Most of the additional milk production is going into the production of nonfat dry milk and skim milk powder. Through April the production of nonfat dry milk was up 15 percent and skim milk powder production up 249 percent. Thus cheddar cheese stocks remain tight with April 30th stocks 7.1 percent lower than a year ago and 1.9 percent lower than the 5-year average for this date. Strong cheese exports is another factor for higher cheese prices. For the first four months of this year cheese exports were up 55 percent and were equivalent to 3 percent of total cheese production.

Exports have also been favorable for butter and nonfat dry milk prices. First four month’s butter exports were up 723 percent and equaled 10 percent of butter production. Nonfat dry milk exports were up 77 percent and equaled 62 percent of production.

It is uncertain if cheese and milk prices can hold at these relatively high levels, especially with increases in milk production becoming higher. Milk cow numbers are likely to increase into the 4th quarter. Cow slaughter is running slightly below a year ago and dairy replacements are 3 percent higher.

The announcement of the 5th round of CWT will remove some cows by the 4th quarter. Milk per cow may improve some but is likely to remain below normal increases. It now looks like total milk production for the year will be up about 2.0 percent. Commercial use may increase similarly, if exports hold. Relatively high dairy product prices along with higher food prices in general and high gas prices will likely dampen sales.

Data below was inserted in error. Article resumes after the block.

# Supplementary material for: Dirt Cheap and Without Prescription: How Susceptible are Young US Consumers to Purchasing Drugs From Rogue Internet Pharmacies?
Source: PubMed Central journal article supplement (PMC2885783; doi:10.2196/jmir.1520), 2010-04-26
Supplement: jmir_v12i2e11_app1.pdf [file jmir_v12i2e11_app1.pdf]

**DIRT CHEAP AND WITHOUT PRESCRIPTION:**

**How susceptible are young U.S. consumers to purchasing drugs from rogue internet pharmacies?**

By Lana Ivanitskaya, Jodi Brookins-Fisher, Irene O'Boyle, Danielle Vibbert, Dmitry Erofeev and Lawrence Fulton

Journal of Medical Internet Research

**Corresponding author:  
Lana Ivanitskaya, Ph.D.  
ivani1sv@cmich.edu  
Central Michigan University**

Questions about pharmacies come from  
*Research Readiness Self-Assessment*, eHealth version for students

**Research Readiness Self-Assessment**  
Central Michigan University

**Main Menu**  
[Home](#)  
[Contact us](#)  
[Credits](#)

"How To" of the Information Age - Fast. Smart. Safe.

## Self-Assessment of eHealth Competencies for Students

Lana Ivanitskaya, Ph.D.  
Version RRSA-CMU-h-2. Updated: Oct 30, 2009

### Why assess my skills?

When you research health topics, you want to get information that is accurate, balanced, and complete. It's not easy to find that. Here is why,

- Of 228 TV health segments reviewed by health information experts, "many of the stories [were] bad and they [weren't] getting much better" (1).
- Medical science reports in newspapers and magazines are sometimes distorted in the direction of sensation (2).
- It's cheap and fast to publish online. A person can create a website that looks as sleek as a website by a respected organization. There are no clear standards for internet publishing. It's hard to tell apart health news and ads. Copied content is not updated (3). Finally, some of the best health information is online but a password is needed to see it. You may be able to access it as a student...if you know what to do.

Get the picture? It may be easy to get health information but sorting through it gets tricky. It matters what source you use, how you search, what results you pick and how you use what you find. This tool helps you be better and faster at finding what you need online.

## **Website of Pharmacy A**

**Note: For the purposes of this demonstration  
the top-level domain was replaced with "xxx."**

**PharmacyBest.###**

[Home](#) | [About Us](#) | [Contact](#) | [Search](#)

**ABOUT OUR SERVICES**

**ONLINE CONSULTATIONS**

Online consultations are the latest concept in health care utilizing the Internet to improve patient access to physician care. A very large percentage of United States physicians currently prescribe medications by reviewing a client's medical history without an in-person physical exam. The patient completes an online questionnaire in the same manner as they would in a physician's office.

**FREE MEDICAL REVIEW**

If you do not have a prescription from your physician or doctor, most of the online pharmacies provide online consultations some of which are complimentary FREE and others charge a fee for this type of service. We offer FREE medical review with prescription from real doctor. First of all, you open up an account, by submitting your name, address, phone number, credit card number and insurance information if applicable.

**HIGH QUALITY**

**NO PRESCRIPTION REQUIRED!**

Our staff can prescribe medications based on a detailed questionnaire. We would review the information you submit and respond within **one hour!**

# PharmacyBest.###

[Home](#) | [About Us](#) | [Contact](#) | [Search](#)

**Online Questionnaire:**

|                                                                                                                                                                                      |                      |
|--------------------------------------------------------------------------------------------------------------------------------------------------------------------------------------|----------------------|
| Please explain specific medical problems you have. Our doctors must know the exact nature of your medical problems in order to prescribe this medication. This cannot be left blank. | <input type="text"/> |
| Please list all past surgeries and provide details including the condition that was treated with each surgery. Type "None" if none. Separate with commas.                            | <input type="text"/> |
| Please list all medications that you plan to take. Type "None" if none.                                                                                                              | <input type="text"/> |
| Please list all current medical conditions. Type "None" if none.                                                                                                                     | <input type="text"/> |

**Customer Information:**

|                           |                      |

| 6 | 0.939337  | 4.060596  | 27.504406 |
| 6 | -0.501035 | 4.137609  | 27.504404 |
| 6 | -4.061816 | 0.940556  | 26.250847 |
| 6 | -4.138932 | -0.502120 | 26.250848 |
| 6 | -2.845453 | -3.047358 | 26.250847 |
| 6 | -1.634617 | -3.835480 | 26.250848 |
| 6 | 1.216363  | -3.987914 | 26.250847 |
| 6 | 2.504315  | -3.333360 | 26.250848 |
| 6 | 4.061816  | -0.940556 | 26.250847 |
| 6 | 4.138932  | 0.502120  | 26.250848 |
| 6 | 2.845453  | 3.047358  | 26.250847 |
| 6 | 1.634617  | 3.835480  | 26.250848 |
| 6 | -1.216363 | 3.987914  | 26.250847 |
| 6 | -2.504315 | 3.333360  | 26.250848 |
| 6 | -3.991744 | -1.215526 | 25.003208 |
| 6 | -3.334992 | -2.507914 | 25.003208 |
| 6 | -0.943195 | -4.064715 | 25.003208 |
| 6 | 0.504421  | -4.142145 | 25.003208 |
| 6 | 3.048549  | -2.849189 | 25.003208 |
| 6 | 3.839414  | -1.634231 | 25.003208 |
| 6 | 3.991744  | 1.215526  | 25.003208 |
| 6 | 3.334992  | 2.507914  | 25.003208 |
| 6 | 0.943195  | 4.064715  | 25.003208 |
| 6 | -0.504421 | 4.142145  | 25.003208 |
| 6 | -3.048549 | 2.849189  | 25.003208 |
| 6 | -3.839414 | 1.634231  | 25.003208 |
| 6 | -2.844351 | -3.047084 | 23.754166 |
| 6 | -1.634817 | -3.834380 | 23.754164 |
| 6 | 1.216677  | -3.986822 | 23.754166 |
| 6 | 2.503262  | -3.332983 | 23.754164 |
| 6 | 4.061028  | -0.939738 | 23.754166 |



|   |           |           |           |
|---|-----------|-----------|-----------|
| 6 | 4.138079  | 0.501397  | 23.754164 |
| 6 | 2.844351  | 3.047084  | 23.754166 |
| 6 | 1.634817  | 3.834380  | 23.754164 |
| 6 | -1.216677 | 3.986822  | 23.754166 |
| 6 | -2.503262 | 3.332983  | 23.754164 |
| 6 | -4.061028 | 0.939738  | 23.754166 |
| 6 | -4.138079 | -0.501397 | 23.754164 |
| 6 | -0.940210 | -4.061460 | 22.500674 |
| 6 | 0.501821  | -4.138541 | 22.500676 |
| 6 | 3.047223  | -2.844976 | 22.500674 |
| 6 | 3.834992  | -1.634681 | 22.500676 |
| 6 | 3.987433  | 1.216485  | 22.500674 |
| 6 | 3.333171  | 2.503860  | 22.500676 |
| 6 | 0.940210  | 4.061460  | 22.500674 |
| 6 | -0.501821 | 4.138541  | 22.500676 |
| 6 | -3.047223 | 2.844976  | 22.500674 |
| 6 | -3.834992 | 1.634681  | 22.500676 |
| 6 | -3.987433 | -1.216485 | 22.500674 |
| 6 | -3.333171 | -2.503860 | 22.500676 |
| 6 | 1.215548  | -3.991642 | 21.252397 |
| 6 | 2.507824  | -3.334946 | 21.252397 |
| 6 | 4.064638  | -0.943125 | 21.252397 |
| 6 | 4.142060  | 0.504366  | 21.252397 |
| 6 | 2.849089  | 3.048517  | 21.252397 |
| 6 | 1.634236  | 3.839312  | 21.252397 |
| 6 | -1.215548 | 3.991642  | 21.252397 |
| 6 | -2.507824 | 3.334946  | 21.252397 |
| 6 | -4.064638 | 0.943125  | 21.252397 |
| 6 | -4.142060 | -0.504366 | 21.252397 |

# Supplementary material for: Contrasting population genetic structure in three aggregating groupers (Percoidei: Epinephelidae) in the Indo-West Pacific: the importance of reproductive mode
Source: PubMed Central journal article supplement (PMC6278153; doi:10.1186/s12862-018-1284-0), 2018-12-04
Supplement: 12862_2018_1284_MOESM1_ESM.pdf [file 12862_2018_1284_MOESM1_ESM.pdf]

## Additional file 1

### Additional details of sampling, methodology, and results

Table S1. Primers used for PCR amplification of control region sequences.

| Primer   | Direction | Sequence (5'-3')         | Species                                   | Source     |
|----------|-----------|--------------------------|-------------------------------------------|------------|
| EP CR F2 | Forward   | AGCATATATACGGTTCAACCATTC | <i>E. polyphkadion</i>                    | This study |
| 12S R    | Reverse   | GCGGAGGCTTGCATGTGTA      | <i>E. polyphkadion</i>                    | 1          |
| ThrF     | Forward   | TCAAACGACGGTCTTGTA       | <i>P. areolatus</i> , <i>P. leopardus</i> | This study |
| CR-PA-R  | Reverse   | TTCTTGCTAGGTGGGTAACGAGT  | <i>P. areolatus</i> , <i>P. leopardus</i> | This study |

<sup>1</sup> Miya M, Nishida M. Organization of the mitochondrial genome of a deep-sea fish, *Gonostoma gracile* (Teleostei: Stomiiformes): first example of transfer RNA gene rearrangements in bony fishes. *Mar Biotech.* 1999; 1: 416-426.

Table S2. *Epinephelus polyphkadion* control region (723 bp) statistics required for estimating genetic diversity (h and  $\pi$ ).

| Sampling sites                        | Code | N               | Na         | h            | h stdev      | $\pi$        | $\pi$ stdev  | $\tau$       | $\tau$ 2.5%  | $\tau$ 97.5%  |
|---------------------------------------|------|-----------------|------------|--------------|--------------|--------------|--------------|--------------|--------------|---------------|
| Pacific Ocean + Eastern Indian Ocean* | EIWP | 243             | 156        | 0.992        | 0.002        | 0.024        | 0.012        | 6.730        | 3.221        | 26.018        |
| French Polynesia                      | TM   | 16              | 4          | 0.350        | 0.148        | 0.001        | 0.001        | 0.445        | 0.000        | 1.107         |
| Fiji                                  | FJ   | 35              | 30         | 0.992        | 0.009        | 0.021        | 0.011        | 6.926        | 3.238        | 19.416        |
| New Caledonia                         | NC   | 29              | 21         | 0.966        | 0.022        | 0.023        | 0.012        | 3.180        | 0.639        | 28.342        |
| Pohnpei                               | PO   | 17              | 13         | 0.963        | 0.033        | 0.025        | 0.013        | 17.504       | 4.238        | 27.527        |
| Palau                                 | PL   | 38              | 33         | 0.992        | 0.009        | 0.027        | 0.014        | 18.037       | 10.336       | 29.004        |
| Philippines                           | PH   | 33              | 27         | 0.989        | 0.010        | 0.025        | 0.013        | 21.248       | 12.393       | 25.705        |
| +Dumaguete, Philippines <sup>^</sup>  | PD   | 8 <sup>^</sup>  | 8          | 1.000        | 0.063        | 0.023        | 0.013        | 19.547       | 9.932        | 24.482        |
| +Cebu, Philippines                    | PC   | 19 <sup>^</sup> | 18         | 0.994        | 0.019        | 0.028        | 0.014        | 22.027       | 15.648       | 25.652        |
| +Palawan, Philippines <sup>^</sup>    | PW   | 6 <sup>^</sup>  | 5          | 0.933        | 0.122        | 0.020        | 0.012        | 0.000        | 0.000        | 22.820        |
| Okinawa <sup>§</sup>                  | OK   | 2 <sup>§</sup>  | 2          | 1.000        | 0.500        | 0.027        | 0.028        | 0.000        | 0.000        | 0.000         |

Fluid milk sales declined 0.4 percent in 2007 and continue to run about 0.7 percent lower this year. Lower fluid sales channels more milk into manufactured dairy products. We can expect cheddar cheese prices to fall from their $2.00 plus per pound level as additional production eventually comes forth and sales slow due to high prices. Cheddar production for the month of April was already 3.9 percent above a year ago.

Indications are that cheese export orders may also be slowing in response to high prices. The bottom line is that we can expect cheddar cheese prices to fall. As a result, by 4th quarter, Class III prices could be in the $17.25 to $18.50 range. However, current Class III futures don’t reflect these lower prices. Class III futures are in the low $20s through year’s end and in the high $19s through 2009.

Dairy producers may want to take advantage of these prices via of hedging, options or forward contracting. With high feed costs Class III prices much below $17.00 will cause a lot of financial stress on dairy producers. A major uncertainty where milk prices will end up is this year’s hay and crop production. Major flooding in the Midwest will reduce corn and soybean production as well as quality hay.

Hay and crop prices are likely to move even higher this winter. To the extent this occurs, we could see cow numbers decline quicker and milk production slowing adding strength to cheese and milk prices towards year’s end and into 2009.

Robert Cropp
University of Wisconsin-Madison